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Spanish Government Formally Rescinds 1492 Decree Ordering Expulsion of Jews

December 17, 1968
See Original Daily Bulletin From This Date

The Government of Spain has finally publicly rescinded the 476-year-old edict of King Ferdinand and Queen Isabella that expelled Jews from Spain in 1492. A document to that effect was presented by the Ministry of Justice on Friday to Samuel Toledano, vice president of the Madrid Jewish community, who is a direct descendant of Rabbi Daniel Toledano, the Rabbi of Toledo at the time of the expulsion. It was formally read today from the pulpit of Madrid’s new synagogue, the first Jewish house of worship to be built in the Spanish capital since the 14th century. The synagogue, which will serve Madrid’s 2,500 Jews, was consecrated today in colorful ceremonies attended by more than 600 leaders of the local community and rabbis and Jewish dignitaries from London, New York and Buenos Aires. They were joined by representatives of the Government, the Madrid municipality and by Roman Catholic, Greek Orthodox and Protestant churchmen.

The document acknowledged the legal entity of the Madrid Jewish community and placed on record the fact that the expulsion edict was abrogated by the Constitution of 1859 and by subsequent laws. But until now it was not publicly endorsed by a Spanish Government. It repeals the long-standing regulation that required Jews to obtain official permission to hold religious services.

The new synagogue opened its doors officially when Rabbi Benito Gershon of Madrid affixed a mezuzah to the doorpost. Seventeen Torah scrolls were carried into the synagogue by elders of the community. The edifice contains a main sanctuary seating 550 persons, classrooms, recreation rooms and a smaller chapel. It cost $250,000, part of which was raised by the local community over the past four years and the balance of $150,000 provided by the Joint Distribution Committee and the Conference on Jewish Material Claims Against Germany which allocates funds for the restoration of European Jewish communities destroyed during the Hitler era.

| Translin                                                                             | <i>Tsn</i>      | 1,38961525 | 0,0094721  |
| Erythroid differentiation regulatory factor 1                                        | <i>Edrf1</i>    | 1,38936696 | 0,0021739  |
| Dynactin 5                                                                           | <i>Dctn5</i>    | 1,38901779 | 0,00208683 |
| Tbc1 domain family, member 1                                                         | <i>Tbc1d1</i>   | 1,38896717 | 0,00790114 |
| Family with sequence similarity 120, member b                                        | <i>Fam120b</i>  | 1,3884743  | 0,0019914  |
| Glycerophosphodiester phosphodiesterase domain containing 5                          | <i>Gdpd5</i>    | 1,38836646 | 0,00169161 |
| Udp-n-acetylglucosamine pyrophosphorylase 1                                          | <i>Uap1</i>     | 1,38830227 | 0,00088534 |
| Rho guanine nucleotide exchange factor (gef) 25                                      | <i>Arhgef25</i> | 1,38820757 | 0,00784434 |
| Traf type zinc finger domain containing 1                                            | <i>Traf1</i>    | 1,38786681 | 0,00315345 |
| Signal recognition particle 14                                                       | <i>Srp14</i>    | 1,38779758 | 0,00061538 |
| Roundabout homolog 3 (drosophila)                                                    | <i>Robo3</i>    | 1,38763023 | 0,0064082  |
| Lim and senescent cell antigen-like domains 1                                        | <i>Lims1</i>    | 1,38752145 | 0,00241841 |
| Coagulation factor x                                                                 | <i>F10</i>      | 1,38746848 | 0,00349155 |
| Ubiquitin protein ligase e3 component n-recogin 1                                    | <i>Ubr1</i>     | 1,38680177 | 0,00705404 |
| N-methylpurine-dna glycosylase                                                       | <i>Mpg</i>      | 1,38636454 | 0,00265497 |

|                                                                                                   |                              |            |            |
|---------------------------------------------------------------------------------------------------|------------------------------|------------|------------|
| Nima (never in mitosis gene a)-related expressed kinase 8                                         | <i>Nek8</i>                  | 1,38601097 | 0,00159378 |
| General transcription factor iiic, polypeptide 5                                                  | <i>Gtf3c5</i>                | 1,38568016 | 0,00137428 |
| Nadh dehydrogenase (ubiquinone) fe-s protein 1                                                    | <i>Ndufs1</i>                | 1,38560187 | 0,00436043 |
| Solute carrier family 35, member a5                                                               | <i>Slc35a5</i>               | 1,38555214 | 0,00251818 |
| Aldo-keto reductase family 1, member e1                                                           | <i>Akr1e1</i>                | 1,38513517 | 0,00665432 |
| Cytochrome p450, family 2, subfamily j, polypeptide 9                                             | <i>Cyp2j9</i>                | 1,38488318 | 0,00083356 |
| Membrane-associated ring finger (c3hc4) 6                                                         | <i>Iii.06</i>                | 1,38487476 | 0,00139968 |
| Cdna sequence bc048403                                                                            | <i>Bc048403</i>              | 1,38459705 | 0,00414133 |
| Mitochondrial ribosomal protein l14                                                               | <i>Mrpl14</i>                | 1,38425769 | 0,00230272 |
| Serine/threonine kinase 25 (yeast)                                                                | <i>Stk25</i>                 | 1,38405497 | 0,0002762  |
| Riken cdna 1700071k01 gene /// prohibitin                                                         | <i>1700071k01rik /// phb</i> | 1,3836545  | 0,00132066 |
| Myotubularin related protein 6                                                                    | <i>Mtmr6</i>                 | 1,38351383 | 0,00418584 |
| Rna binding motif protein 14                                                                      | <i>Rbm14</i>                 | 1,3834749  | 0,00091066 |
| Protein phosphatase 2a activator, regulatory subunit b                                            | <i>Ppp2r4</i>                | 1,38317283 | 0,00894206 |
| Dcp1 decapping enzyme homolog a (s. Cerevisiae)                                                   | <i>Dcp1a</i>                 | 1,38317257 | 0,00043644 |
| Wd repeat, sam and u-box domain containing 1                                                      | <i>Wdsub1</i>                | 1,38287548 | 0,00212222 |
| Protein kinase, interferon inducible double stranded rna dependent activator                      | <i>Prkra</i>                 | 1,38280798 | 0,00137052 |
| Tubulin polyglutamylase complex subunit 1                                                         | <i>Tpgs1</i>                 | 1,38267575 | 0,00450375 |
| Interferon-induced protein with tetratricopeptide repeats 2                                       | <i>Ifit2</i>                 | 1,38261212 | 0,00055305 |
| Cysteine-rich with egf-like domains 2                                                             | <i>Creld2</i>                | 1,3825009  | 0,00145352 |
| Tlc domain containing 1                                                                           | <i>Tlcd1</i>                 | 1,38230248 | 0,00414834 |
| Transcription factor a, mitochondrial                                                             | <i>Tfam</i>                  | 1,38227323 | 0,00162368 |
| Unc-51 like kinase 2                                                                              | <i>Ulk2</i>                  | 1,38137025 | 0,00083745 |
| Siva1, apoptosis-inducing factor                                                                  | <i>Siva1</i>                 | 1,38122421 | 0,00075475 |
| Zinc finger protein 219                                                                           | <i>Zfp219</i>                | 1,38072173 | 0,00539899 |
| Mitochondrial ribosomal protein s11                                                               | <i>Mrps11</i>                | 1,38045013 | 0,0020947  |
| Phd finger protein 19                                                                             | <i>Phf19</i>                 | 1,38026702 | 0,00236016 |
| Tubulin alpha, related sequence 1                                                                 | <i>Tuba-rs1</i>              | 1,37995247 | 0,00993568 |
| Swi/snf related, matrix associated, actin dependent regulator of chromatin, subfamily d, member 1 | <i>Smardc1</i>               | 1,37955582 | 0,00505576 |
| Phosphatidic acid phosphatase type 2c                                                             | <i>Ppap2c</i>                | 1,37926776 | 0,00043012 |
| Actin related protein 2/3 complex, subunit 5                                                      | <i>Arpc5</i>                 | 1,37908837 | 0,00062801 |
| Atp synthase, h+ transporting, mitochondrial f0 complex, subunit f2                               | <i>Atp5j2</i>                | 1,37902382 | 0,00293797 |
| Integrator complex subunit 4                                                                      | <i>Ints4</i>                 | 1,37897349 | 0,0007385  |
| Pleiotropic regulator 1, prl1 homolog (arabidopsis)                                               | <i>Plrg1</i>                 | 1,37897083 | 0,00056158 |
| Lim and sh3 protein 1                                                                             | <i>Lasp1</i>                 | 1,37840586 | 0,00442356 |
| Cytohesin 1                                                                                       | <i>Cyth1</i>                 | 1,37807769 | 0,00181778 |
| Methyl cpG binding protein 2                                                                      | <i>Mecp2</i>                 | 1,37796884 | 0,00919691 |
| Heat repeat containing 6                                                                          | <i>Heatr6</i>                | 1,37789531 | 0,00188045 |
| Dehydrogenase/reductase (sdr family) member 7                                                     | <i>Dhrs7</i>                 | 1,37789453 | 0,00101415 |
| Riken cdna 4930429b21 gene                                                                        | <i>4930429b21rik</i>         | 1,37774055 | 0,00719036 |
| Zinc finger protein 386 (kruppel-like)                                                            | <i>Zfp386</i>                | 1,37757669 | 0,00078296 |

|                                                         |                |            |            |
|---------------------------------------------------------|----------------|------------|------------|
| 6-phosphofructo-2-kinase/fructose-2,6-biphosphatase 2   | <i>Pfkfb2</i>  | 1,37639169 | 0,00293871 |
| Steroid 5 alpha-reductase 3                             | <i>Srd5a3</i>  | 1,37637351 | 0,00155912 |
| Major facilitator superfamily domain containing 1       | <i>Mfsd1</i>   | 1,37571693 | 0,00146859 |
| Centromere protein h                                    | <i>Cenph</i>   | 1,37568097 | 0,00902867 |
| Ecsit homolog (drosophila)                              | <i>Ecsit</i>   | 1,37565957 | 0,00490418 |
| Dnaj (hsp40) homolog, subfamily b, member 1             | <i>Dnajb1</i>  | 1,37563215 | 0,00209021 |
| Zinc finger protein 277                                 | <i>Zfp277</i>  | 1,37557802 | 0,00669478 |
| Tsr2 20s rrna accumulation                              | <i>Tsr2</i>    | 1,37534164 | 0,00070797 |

Present at the ceremonies were Max Mazin, president of the Madrid Jewish community; Theodore Feder, associate director-general of the Joint Distribution Committee; Dr. Salomon Gaon, of London; Claude Kelman, chairman of the European Council of Jewish Community Services; Rabbi Kohana of Argentina; William Nahmias, president of the World Sephardic Federation, and representatives of the New York Board of Rabbis, the American Jewish Committee and the World Jewish Congress.

Speaking on behalf of the Jewish community, Mr. Mazin noted that the Jewish population of Spain has grown over the past ten years from 3.000 to 8,000 and in Madrid from 300 in 1959 to more than 2,500 today. He attributed the growth in part to the immigration of Jews from former Spanish Morocco, descendants of Spanish Jews who fled from Spain to North Africa in the 15th Century. They have developed a whole range of community services, including synagogues, day schools, vacation camps, two youth clubs and Talmud Torah classes. Mr. Mazin said these developments had to be viewed in the context of the gradual liberalization of the Spanish Government’s policy toward religious minorities which has developed from “a climate of tolerance” that began after the first World War and culminated in the granting of religious freedom to all minorities by the Constitution of 1966.

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